In Memory of Mick Green
Just over a year ago I was talking to Bruce Springsteen about death, as you do. Bruce was wearing a t-shirt with the skull and crossbones on it, and he gestured to it as we talked. "Death's in most great rock music" he said. "The presentness of so much rock music, the life force in it, it's a ranting against the other thing. The mythology is always mixed - the skulls, the crossbones, the death's head. It's ever present, it cuts through all popular music." I thought about that yesterday, stamping my feet to keep warm in a cold, snowbound Essex cemetery, there to say goodbye to Mick Green.
Mick was the guitarist in The Pirates - whose logo is, yes, the skull and crossbones - but he was a great deal more than that. A few years back, he was appearing with Van Morrison on Jools Holland's Hootenanny when he played a solo on The Philosopher's Stone that was so gorgeous, so fluid and so spine-tingling that I've never been able to watch it again for fear of spoiling the memory. When I asked him about it afterwards, Mick was typically self-deprecating. "Oh yeah" he said. "I wasn't expecting that; Van just pointed at me and said "play"".
Mick would never tell you that he was one of the greatest guitar players the UK ever produced, but he was. Never follow The Pirates they used to say, and it was a very brave - or a very stupid - band who chose to go on after Mick's incendiary style had been unleashed for an hour or so. It was, literally, jaw-dropping. You could see countless people in Pirate audiences stare opened mouth as they realised what he was doing, and then stare even harder as they tried to work out how. It was a bewildering mixture of lead and rhythm played simultaeneously and often at what seemed like impossible speed. But crucially, it was done always with taste and always in the service of the song. It wasn't technique for its own sake, but technique deployed to an end.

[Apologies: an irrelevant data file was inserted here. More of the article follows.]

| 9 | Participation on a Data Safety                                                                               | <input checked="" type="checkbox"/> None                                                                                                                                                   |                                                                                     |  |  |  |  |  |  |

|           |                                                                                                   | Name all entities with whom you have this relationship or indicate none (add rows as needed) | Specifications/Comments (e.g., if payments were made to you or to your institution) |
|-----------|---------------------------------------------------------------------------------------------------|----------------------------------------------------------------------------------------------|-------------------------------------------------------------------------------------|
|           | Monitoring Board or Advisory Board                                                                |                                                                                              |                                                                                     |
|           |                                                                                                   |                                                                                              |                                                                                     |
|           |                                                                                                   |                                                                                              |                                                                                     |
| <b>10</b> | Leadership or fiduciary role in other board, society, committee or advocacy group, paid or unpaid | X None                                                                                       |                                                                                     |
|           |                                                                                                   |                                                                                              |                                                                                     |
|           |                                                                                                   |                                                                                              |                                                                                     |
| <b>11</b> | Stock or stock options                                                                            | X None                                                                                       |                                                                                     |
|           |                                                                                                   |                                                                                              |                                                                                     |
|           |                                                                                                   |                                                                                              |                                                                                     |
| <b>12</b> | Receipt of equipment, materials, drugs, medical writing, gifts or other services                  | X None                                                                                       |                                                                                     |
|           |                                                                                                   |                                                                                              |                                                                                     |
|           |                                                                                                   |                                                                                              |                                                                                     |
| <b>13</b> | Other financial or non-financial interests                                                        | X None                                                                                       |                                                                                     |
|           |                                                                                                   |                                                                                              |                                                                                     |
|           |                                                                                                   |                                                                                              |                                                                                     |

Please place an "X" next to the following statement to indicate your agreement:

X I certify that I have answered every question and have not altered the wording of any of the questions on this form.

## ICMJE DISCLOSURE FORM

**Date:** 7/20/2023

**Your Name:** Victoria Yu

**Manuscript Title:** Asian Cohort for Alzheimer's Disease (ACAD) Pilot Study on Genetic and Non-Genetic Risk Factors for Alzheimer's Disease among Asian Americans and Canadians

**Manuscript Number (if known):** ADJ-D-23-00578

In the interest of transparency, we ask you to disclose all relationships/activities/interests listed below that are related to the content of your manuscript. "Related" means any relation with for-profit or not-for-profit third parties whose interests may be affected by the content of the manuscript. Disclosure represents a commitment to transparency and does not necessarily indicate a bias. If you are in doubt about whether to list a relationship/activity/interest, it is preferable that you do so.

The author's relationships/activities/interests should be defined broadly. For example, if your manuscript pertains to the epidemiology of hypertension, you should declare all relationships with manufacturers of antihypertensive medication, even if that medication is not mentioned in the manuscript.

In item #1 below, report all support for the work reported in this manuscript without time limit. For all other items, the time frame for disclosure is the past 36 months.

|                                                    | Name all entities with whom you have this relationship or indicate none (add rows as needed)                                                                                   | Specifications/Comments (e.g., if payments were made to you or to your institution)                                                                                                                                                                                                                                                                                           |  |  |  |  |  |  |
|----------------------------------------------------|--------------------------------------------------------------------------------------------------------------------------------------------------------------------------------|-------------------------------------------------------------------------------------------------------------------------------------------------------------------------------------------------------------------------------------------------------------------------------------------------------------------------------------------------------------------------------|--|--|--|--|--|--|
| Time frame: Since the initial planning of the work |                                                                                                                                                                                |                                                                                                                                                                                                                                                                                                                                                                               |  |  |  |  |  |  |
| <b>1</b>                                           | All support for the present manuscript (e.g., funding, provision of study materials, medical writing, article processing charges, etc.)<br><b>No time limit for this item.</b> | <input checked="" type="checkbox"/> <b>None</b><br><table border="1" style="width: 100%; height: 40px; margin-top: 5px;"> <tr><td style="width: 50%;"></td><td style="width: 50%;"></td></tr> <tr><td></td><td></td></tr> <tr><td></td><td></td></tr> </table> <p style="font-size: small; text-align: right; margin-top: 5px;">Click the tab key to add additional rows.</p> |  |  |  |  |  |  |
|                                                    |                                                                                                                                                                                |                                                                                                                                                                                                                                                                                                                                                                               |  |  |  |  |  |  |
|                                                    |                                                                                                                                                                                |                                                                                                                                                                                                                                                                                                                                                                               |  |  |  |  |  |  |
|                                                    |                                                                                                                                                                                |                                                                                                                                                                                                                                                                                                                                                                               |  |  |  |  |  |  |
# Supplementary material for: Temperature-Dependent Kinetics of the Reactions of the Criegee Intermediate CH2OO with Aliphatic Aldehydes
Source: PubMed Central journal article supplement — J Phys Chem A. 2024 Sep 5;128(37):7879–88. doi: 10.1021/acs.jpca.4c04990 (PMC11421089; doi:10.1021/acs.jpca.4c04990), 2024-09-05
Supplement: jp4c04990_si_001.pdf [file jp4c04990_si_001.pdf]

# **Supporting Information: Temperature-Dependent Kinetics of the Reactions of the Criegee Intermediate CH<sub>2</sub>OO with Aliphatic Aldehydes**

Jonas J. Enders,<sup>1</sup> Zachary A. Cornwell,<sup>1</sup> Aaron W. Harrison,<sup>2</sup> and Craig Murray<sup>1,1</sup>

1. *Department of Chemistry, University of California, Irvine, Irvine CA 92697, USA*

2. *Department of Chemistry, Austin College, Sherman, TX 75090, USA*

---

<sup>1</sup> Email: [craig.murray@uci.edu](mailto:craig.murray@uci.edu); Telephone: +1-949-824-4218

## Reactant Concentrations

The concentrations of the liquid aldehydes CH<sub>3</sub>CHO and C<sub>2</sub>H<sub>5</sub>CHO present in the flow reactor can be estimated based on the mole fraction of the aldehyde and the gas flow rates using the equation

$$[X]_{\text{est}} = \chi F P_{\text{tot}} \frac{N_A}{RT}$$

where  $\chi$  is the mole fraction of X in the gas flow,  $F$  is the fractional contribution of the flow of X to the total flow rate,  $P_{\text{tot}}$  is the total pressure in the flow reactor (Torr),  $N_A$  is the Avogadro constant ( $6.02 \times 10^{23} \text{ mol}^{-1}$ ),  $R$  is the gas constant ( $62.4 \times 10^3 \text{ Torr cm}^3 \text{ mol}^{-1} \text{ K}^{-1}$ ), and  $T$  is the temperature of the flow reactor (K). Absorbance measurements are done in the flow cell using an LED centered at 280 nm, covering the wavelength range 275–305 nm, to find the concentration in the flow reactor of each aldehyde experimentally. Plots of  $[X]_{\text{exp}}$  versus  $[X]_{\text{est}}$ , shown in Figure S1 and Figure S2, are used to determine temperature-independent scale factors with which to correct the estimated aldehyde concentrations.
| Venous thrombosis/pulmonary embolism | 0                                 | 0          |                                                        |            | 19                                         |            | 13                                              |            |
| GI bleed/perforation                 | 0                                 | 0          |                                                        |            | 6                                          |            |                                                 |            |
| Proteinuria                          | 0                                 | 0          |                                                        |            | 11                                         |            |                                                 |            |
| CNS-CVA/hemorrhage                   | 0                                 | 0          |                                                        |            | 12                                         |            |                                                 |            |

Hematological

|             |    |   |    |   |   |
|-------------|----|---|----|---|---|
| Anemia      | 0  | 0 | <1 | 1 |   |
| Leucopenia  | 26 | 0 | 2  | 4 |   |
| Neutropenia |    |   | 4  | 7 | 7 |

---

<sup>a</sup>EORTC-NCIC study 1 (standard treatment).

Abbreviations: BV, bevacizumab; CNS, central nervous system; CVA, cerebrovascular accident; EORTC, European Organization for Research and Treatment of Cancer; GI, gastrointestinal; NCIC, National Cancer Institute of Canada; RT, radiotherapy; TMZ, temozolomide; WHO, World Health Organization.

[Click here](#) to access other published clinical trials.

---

You sensed that was what Van loved in him. You can certainly hear it in his playing with Paul McCartney on Later and on Parkinson, pummelling rock'n'roll standards with an immensely powerful but restrained performance, a clarion call across the generations.
The Pirates - Johnny B Goode's Good (Reading Festival, 1978)
And the stories he used to tell. Interrupting Elvis and Engelbert comparing collars in Las Vegas to get the King's autograph for his sister. Trying to borrow the money to become the Beatles' first promoter in London, only to be told - by Johnny Kidd no less - that they'd "never be bigger than Joe Brown". Turning up to a Dutch TV show with the Pirates to find they were expected to play on a full scale model of a galleon. And further back - an adolescence seduced by Teddy Boy style but hampered by setting fire to your quiff trying to dry it over a gas ring. In Gibson Martin Fender, the only man ever to use Battersea as the setting for a rock'n'roll song, and how your heart lifts when he hits the fluttering, choppy riff at that song's core.
Mick was 65 when he died, and his website is full of tributes from people like Pete Townshend, and anecdote upon anecdote from a rock'n'roll life well lived. But back home in Essex, Mick taught guitar to primary school children, children like Elliot, and they wrote as well: "Mick was teaching me acoustic guitar at school. Mick was a very good man he always tried to make a lesson fun and i would always look forward to my lessons on a Thursday. I will miss him a lot".
Me too, Elliot. Me too.